We also notice that the number of words for one hypothesis is similar with each other in the Nbest list. As a matter of fact, Nbest hypotheses are rescored and reranked according to the relative scores. If all the hypotheses for utterance X_{ i }contain the same number of words, then the second item in Equation 3 for one hypothesis will be the same as that of others in the Nbest list, based on Equation 4, shown as
That is to say, the normalizing factors for one hypothesis will not affect the ranking in the Nbest rescoring, and μ_{ i }for utterance X_{ i }can be arbitrary. We further approximate the constant μ_{ i }to a global constant, irrelevant with the utterance, shown as
where μ is the global constant and can be estimated as $\mu =\frac{1}{\mathit{\text{MN}}}\sum _{i=1}^{M}\sum _{j=1}^{N}{\mu}_{\mathit{\text{ij}}}$ on the validation set. M and N denote the number of utterances and the number of hypotheses for each utterance, respectively.
Please note that the approximations in Equation 5 depend on the assumption that the hypotheses for each utterance are equal in length. We count the number of words n_{ ij }for each hypothesis W_{ ij }and compute the variance of n_{ ij }for each utterance X_{ i }as
The statistically smaller the Var(n_{ ij }), the more accurate the approximation in Equations 5 and 6. The PDF of Var(n_{ ij }) on the 100best hypotheses generated from Hub5’00SWB set is shown in Figure 5. It shows that the PDF of Var(n_{ ij }) is sharp and most of the Var(n_{ ij }) are smaller than 1.0. The difference of Nbest hypotheses in length is small, and the approximation for Nbest hypotheses in Equation 5 is reasonable to some extent.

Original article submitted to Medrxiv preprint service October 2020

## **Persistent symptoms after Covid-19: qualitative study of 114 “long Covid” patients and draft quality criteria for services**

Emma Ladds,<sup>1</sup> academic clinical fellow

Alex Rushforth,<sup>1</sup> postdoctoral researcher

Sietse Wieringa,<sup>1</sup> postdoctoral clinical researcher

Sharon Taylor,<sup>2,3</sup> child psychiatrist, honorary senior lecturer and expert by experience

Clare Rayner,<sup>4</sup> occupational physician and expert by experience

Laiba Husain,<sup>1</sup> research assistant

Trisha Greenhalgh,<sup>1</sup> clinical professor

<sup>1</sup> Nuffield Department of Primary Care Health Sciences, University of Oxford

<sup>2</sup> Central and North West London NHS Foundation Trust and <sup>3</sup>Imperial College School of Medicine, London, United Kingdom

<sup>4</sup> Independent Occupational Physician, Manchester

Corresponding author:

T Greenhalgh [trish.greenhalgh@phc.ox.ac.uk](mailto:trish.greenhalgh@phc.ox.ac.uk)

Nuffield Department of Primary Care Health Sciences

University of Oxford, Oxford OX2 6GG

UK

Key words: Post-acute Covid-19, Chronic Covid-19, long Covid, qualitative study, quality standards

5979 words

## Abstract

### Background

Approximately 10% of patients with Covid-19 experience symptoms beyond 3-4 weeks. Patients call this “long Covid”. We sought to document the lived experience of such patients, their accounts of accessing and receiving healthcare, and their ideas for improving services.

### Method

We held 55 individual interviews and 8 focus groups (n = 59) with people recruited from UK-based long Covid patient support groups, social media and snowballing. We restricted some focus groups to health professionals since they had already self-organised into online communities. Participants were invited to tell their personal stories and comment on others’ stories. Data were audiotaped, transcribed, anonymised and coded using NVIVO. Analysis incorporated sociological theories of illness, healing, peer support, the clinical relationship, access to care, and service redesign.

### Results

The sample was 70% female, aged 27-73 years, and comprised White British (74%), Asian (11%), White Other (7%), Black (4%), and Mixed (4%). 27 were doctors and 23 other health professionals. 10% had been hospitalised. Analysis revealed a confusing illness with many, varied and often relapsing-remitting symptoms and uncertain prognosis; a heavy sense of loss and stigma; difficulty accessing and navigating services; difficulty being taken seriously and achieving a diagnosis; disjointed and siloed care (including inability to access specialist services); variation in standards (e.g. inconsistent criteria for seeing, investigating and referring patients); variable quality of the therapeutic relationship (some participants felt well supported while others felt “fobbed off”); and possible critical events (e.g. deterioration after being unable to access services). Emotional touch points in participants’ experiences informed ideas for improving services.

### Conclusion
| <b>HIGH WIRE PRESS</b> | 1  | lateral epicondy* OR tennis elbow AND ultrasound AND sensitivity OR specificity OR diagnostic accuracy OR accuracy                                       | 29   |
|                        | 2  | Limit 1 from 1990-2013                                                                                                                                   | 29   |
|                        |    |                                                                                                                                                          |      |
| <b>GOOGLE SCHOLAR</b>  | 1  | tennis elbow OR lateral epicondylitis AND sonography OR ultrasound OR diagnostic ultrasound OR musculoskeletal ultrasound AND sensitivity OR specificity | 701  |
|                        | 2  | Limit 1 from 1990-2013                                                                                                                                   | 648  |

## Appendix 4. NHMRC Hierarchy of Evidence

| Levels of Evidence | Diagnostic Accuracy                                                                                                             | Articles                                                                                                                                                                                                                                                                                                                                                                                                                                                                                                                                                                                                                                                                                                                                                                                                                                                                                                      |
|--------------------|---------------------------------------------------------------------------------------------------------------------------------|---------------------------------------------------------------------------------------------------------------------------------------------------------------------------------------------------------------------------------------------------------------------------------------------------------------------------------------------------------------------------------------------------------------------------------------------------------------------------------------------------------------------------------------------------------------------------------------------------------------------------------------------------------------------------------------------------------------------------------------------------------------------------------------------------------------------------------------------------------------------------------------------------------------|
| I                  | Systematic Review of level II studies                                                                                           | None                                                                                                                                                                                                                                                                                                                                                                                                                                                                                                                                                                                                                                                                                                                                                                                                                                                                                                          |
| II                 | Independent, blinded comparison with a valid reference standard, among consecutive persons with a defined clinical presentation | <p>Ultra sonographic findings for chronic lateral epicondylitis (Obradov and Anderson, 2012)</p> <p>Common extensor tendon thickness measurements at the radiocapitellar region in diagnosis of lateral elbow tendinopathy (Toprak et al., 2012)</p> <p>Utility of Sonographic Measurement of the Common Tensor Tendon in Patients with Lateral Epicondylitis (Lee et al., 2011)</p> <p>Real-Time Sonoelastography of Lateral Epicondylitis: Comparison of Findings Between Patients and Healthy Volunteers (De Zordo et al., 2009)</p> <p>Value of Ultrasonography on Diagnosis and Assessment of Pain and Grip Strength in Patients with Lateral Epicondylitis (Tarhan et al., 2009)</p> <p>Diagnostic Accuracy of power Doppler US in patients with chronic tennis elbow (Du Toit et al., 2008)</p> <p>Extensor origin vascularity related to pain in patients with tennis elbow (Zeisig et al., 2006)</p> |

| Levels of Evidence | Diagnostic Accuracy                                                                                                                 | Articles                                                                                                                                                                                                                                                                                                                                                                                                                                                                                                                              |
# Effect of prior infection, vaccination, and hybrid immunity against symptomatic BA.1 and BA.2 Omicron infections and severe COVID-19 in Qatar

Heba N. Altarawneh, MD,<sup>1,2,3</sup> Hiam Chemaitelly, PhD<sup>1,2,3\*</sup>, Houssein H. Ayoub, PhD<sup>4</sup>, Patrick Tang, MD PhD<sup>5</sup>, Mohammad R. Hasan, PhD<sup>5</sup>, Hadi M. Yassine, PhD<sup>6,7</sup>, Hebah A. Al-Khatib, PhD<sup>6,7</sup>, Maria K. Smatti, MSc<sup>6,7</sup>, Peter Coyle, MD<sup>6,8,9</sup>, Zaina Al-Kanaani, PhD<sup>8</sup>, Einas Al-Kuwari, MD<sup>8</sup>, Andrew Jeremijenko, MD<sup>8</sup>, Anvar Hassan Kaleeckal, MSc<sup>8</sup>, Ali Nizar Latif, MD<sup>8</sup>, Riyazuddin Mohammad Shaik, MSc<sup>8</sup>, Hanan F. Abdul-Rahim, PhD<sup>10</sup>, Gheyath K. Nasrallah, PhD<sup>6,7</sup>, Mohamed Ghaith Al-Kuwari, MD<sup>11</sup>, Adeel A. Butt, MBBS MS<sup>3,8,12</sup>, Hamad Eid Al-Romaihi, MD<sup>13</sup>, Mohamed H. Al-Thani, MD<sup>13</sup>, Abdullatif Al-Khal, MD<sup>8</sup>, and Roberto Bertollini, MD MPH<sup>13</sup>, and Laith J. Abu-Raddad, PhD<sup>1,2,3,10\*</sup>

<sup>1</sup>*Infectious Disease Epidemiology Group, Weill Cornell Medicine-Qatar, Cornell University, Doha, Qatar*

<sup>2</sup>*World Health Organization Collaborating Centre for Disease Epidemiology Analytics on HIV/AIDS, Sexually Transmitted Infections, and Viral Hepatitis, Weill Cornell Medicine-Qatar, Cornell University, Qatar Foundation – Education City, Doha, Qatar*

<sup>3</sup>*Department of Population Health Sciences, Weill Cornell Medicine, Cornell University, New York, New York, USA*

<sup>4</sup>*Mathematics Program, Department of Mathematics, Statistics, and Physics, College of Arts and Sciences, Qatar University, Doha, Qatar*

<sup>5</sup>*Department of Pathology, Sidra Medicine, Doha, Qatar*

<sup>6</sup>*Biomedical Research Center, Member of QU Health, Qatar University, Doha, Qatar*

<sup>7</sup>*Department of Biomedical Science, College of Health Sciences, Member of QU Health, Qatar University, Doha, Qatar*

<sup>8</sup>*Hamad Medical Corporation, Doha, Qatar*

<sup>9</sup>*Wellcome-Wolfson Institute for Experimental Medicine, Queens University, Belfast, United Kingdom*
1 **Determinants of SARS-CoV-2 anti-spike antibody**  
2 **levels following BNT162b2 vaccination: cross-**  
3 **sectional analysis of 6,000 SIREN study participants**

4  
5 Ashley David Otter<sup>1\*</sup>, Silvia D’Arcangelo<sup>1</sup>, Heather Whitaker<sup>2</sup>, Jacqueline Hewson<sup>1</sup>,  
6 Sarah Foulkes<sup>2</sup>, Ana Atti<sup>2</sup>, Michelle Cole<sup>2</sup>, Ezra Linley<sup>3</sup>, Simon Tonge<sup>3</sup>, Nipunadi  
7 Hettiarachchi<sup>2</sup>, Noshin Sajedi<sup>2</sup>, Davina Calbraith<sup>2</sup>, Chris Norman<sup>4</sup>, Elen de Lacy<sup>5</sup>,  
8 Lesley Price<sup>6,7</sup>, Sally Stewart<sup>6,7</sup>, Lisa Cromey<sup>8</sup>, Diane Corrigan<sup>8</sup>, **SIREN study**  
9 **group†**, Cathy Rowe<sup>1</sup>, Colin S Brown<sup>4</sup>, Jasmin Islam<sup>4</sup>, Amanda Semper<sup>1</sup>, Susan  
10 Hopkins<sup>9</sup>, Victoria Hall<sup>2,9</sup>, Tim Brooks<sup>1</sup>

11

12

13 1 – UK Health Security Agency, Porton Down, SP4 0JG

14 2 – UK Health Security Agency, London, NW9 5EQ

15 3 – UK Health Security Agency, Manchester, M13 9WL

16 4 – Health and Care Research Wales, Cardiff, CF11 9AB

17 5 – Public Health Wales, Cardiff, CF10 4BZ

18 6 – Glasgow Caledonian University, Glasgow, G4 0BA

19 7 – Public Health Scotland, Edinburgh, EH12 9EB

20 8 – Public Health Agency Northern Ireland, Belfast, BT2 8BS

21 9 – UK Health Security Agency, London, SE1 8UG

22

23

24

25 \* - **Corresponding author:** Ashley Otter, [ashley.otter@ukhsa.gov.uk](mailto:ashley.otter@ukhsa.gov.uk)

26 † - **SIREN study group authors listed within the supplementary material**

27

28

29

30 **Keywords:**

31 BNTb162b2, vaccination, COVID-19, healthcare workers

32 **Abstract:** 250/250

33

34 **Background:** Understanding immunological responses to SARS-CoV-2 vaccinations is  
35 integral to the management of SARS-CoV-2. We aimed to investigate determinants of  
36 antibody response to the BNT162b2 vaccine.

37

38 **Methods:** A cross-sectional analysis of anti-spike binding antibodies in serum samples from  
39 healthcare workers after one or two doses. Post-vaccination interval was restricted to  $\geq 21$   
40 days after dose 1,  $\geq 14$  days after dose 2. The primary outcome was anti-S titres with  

3.5 Normalizing factor approximation
Based on the approximation in Equations 4, 5, and 6, the LM scores in Equation 3 can be simplified as
where only the first item needs to be estimated, while the second item can be estimated on validation set for rescoring. The complexity of the output layer is significantly reduced form O(VH) to O(H) with the constant approximation of the normalizing factor.
We also notice that the discriminative information of NNLM for Nbest rescoring exists in the unnormalized probability in Equation 8 and the LM scores from backoff Ngram, especially for the KN3 in decoding, usually are available for rescoring. We will investigate the discriminative information in unnormalized NNLM (UPNNLM), combined with backoff Ngram, to further improve the performance of speech recognizer in the next section.